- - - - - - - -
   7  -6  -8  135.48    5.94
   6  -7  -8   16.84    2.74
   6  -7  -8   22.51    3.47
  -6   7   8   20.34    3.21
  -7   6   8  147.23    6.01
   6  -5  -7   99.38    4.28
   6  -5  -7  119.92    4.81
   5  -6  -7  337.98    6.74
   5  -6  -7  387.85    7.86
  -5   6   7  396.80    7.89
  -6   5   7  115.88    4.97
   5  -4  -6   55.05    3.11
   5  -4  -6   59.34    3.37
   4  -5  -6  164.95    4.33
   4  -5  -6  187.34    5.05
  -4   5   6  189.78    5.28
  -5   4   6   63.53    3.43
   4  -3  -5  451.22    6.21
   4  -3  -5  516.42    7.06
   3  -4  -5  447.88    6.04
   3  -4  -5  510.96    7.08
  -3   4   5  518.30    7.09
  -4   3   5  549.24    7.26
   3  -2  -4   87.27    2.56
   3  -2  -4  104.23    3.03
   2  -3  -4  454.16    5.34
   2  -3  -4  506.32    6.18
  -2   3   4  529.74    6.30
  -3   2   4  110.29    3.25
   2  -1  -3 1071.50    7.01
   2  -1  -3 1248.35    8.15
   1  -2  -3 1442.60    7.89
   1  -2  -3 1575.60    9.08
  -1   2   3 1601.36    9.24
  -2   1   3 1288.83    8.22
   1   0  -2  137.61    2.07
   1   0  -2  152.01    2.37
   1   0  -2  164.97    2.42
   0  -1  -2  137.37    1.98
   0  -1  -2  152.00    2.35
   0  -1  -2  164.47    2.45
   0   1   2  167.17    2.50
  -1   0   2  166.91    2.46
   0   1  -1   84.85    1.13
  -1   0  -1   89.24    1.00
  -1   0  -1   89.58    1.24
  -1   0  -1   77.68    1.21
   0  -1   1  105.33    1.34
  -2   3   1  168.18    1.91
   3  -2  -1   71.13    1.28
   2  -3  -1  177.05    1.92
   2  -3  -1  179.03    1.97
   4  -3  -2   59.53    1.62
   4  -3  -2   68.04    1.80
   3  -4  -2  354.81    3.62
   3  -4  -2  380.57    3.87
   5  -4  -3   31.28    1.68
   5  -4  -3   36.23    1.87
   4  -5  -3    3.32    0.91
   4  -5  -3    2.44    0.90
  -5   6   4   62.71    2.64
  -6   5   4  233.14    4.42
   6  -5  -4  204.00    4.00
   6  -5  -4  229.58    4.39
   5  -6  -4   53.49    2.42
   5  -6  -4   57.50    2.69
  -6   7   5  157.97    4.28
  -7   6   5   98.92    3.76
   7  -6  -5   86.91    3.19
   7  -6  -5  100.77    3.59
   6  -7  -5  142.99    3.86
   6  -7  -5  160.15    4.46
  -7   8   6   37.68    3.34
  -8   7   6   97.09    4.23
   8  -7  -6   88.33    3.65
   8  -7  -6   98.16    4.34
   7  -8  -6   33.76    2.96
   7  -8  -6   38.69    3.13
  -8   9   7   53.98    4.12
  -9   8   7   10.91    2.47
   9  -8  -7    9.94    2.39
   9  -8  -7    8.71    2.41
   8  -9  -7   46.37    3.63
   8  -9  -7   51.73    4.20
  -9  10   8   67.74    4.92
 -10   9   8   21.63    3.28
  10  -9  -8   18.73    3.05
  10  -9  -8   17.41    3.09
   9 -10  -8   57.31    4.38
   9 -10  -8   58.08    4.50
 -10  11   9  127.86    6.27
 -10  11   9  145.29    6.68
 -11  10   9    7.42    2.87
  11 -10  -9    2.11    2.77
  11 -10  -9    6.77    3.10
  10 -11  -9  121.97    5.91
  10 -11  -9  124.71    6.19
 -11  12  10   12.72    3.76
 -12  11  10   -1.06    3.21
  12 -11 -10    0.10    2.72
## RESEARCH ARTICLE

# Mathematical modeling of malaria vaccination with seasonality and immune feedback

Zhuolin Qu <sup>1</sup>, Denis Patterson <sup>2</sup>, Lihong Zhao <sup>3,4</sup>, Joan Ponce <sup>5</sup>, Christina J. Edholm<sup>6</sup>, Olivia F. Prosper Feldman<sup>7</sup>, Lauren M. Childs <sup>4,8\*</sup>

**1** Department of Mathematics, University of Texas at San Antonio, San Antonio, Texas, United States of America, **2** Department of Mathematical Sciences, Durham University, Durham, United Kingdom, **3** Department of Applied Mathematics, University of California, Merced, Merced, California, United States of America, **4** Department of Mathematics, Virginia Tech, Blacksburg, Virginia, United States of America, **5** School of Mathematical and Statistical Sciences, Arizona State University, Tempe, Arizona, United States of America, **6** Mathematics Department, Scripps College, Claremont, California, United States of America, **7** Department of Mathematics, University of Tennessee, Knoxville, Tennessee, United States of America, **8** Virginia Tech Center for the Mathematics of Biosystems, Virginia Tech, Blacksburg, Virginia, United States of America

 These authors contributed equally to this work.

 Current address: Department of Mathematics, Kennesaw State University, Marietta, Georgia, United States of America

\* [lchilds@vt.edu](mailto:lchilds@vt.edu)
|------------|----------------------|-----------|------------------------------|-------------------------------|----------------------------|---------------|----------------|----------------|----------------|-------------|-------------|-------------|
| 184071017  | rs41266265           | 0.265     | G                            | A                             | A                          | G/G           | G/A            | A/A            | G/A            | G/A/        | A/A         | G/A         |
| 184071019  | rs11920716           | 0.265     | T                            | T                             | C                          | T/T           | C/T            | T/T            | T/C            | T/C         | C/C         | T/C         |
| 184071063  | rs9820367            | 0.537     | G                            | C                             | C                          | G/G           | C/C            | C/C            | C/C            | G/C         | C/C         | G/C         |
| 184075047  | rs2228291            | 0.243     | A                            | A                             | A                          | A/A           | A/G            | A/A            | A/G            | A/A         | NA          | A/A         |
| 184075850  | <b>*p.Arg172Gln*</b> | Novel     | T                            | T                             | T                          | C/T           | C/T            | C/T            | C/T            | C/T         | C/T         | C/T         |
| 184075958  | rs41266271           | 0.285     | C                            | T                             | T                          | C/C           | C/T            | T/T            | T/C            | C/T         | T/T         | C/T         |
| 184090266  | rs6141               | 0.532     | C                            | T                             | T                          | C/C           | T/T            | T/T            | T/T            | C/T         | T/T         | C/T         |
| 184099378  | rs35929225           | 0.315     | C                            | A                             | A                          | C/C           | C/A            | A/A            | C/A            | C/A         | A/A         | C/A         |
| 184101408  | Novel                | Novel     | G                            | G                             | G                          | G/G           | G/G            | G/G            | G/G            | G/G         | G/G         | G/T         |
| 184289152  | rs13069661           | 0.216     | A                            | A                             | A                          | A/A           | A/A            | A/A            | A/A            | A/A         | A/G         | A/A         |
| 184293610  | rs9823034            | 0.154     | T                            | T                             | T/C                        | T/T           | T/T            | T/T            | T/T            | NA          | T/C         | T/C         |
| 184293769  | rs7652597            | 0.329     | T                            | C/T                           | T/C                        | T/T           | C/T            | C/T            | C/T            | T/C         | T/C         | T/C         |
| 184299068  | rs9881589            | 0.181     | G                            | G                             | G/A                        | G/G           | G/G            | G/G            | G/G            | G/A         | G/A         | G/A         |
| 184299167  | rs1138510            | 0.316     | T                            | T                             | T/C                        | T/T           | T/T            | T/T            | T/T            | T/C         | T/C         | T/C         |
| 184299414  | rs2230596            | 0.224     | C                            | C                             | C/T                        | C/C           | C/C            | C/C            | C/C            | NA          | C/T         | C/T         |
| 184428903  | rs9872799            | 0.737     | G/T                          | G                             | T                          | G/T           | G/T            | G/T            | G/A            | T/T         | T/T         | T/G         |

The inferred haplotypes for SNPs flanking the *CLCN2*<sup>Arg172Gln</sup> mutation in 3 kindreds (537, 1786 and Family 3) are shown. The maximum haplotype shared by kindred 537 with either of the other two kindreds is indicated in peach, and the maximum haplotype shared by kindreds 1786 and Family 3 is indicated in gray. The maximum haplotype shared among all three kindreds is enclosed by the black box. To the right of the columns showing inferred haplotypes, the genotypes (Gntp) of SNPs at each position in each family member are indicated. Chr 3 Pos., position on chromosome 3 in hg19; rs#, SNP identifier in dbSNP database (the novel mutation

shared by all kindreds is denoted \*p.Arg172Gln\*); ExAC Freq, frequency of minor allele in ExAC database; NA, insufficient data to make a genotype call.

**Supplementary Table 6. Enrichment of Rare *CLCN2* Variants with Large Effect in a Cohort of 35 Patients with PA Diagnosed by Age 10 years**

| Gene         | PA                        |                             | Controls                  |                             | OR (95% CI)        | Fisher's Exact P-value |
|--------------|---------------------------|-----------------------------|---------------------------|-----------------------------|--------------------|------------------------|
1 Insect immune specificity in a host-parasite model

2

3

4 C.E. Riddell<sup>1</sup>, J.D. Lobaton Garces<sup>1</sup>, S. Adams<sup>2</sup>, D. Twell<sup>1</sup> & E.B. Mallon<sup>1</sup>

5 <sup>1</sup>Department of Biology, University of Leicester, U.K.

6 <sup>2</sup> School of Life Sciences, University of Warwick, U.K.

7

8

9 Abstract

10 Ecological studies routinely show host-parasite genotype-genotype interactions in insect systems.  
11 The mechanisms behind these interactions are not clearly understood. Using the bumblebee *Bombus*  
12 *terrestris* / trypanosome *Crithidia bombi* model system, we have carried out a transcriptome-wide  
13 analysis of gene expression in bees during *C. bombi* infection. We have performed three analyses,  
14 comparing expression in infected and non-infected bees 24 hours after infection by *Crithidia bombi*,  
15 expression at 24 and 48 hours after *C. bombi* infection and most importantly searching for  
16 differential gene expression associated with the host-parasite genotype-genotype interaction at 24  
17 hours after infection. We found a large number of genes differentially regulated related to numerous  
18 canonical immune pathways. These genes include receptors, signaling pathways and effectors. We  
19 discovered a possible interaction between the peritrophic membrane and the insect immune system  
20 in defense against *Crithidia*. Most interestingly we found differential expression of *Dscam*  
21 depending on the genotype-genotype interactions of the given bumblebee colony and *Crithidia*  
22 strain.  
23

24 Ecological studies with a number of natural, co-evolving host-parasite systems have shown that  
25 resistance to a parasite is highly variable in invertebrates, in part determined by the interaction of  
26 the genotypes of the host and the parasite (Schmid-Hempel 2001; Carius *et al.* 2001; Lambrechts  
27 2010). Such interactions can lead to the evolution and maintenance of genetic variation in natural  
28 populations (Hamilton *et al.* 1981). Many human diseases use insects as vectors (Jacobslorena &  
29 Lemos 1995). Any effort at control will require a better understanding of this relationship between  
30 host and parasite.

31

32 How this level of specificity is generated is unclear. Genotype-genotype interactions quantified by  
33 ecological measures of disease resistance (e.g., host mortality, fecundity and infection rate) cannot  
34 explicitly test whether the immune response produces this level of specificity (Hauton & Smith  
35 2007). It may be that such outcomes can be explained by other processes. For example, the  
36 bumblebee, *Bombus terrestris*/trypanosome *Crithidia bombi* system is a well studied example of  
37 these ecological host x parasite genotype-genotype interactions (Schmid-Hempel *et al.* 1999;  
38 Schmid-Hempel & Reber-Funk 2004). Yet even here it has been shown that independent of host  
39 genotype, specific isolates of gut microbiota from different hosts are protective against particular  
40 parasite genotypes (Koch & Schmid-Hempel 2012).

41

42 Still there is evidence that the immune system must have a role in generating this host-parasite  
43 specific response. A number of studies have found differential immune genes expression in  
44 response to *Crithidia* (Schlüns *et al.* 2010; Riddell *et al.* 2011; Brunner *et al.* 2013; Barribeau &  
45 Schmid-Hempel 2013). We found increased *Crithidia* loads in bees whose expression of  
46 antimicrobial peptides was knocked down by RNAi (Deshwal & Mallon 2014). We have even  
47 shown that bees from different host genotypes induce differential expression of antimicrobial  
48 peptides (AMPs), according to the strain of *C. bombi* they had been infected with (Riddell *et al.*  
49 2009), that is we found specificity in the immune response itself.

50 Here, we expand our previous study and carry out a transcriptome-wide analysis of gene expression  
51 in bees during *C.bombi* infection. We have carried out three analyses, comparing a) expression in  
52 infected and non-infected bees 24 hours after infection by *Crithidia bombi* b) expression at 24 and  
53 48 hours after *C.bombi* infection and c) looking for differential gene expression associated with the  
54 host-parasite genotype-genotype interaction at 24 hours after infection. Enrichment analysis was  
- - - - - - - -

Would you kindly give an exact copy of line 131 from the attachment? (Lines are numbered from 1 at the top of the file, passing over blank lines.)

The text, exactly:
2